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Home > Dail Eireann debate. Criminal Justice (Money Laundering and Terrorist Financing) (Amendment) Bill 2013: Second Stage

[Oireachtas] Dail Eireann debate. Criminal Justice (Money Laundering and Terrorist Financing) (Amendment) Bill 2013: Second Stage. (18 Apr 2013)

External website: http://oireachtasdebates.oireachtas.ie/Debates%20A...


[Deputy Peter Fitzpatrick:] Due to the underground nature of money laundering, it is not possible to give precise figures regarding the extent of the activity. According to a 2011 report by the United Nations Office on Drugs and Crime, in 2009 criminals and drug traffickers in particular may have laundered approximately $1.6 trillion or 2.7% of global GDP. This figure is consistent with the 2% to 5% range previously established by the International Monetary Fund to estimate the scale of money laundering. The process of money laundering involves three stages, the first of which is the initial or placement stage, whereby the illegal proceeds of crime are introduced into the financial system. This may be done by breaking up large amounts of cash into small less conspicuous sums that are then deposited into a bank account or by purchasing a series of monetary instruments such as cheques or money orders that are then collected and deposited into accounts at other locations. The second or layering stage involves a series of conversions or movements of funds to distance them from their original sources. This may be done by the purchase and sales of investment instruments, by wiring the funds through a series of accounts at different banks across the globe or by disguising the transfer as payments for goods or services, which may give them a legitimate appearance. The third or integration stage involves the re-entering the funds into the legitimate economy. This may be done by investment of the fund into, for example, real estate, luxury assets or business ventures. The current definition of "vocational transaction" provides that once the transaction or series of transactions exceed €15,000, obligations such as customer due diligence apply. Section 2 of the Bill amends this and lowers the monetary threshold to €2,000 in the case of a private member gaming club and €1,000 for wire transfers of funds. In all other cases, the definition applies when an amount of €15,000 is reached.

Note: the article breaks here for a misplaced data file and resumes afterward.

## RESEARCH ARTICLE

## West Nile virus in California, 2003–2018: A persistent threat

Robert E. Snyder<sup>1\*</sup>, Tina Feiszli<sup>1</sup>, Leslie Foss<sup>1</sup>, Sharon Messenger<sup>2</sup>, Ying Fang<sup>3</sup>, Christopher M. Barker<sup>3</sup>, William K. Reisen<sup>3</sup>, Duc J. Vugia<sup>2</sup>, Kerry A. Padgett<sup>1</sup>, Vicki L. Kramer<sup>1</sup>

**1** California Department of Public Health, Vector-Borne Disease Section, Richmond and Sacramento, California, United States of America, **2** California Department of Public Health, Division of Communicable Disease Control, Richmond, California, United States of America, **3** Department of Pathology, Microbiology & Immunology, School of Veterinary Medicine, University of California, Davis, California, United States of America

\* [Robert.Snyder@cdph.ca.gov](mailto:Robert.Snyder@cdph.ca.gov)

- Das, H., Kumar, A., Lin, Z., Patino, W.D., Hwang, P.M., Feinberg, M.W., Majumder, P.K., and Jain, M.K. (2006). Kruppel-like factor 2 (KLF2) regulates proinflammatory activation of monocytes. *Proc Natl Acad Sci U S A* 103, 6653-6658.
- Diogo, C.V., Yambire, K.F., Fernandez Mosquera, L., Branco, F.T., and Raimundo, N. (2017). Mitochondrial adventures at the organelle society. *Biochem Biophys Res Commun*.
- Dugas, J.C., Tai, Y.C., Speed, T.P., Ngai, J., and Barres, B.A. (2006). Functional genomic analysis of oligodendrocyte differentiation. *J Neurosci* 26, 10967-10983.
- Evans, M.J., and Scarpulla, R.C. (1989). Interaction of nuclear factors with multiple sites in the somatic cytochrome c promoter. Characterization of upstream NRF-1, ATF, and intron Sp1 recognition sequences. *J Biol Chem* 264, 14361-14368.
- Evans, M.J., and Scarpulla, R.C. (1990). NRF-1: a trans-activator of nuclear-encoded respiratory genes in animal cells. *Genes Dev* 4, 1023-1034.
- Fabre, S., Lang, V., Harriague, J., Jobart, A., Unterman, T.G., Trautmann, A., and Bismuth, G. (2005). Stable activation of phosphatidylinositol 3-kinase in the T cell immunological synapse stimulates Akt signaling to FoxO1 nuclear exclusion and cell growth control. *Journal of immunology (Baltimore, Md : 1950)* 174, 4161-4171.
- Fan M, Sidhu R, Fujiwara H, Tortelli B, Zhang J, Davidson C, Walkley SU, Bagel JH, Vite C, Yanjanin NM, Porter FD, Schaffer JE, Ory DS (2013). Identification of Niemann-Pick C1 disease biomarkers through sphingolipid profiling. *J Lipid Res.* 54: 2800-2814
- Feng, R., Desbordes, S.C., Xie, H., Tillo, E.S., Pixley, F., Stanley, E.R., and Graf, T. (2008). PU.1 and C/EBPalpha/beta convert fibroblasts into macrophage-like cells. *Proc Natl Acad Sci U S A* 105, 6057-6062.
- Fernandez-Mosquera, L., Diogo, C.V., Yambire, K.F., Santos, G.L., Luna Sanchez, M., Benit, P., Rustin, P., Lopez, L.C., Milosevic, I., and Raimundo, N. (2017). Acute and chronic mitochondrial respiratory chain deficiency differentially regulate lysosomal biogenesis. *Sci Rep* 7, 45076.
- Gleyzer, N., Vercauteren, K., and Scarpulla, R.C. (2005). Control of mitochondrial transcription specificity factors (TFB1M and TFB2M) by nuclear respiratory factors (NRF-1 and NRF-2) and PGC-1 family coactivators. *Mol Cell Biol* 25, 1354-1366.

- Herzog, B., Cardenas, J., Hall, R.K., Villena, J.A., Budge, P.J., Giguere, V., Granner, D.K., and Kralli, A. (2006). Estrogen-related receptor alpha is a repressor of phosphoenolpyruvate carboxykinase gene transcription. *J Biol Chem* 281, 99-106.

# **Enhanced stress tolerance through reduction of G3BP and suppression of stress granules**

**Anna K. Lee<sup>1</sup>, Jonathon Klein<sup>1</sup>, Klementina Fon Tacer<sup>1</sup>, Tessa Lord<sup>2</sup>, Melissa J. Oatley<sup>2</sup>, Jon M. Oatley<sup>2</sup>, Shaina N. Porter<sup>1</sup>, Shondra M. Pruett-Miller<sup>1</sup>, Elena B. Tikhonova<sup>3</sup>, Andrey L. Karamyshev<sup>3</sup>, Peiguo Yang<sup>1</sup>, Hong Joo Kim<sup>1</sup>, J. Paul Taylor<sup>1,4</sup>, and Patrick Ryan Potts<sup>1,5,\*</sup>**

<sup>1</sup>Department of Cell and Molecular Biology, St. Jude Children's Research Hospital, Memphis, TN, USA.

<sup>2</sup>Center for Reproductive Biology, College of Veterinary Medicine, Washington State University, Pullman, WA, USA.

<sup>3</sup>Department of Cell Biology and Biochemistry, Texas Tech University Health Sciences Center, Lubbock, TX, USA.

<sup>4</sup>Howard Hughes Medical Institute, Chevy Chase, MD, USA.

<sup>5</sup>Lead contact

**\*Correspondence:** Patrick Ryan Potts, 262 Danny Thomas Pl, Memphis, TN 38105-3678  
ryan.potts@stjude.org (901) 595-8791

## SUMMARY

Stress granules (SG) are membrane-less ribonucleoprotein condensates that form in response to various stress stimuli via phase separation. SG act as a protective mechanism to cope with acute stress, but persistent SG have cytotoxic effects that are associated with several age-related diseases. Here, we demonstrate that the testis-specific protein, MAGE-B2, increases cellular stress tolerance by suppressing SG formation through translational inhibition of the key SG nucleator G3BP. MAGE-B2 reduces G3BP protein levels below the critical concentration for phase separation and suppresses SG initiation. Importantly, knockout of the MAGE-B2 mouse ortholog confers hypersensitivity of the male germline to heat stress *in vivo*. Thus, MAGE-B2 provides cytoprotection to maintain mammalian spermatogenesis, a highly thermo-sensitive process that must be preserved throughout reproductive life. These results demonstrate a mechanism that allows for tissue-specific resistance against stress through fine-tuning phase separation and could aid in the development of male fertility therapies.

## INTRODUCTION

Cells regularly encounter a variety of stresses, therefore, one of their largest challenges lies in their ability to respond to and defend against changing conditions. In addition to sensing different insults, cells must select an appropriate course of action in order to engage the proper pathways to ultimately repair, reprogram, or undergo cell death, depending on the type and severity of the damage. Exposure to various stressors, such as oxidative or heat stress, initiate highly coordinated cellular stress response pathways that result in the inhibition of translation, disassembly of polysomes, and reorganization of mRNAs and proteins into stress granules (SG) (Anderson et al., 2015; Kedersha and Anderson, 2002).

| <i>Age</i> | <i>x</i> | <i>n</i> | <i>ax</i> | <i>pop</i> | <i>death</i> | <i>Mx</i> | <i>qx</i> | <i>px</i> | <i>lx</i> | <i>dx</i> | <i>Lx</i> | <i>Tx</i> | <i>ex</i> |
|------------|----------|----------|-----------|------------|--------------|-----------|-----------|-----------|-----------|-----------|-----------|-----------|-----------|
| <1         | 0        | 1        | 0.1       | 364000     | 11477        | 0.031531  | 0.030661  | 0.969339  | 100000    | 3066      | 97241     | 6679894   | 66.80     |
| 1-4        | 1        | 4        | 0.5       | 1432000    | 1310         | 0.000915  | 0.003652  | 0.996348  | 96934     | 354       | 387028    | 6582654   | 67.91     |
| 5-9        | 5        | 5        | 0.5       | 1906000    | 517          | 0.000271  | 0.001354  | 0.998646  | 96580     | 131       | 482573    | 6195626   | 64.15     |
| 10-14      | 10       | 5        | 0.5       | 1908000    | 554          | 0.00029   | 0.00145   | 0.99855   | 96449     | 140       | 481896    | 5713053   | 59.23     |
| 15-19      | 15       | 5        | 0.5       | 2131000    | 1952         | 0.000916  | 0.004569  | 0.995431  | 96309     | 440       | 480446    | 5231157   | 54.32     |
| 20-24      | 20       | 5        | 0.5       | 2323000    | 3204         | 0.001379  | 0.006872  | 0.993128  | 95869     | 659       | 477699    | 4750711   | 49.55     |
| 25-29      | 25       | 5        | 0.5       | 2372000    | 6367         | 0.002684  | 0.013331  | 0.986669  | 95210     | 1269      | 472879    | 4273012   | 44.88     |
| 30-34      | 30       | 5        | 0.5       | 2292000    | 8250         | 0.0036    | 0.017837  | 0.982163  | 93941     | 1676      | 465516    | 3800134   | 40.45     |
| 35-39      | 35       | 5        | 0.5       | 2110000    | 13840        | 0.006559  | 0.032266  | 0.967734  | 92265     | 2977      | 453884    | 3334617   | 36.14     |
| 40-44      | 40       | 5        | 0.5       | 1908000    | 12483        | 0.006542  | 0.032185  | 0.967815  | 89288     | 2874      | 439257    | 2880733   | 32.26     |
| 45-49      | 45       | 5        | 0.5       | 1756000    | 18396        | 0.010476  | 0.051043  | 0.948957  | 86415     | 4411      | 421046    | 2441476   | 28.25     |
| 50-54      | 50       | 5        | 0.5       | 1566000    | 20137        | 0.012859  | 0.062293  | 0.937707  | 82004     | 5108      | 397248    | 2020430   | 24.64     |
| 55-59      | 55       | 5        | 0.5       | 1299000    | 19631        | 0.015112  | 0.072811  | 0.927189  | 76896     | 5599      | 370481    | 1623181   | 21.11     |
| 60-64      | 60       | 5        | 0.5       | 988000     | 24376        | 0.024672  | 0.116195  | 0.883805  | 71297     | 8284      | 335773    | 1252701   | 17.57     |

Deputy Finian McGrath: I thank the Leas-Cheann Comhairle for the opportunity of speaking on this new legislation. I welcome this important and urgent debate, as it is highly relevant to the modern world and, in particular, to the major crisis that exists both in Ireland and across the European Union, as well as internationally. In recent days, Members have seen the horrific effects on innocent people in Boston, as well as the slaughter of ten innocent children in Afghanistan two weeks ago. It is important to focus first on the victims of these heinous crimes. Blowing people to bits in Boston, Afghanistan, the West Bank, Omagh, Dublin or Monaghan should never be an option and should never be acceptable in any democratic society, nationally or internationally. The bottom line is it is completely unacceptable and Members should agree with this core principle. This is known all too well in this country and I commend all those who started our own peace process, faced up to the reality and used their skills in conflict resolution. Members should never forget and all should be vigilant to prevent it happening in the future. One should never take the peace process in Ireland for granted and all Members of the Oireachtas should be on their guard in respect of this issue.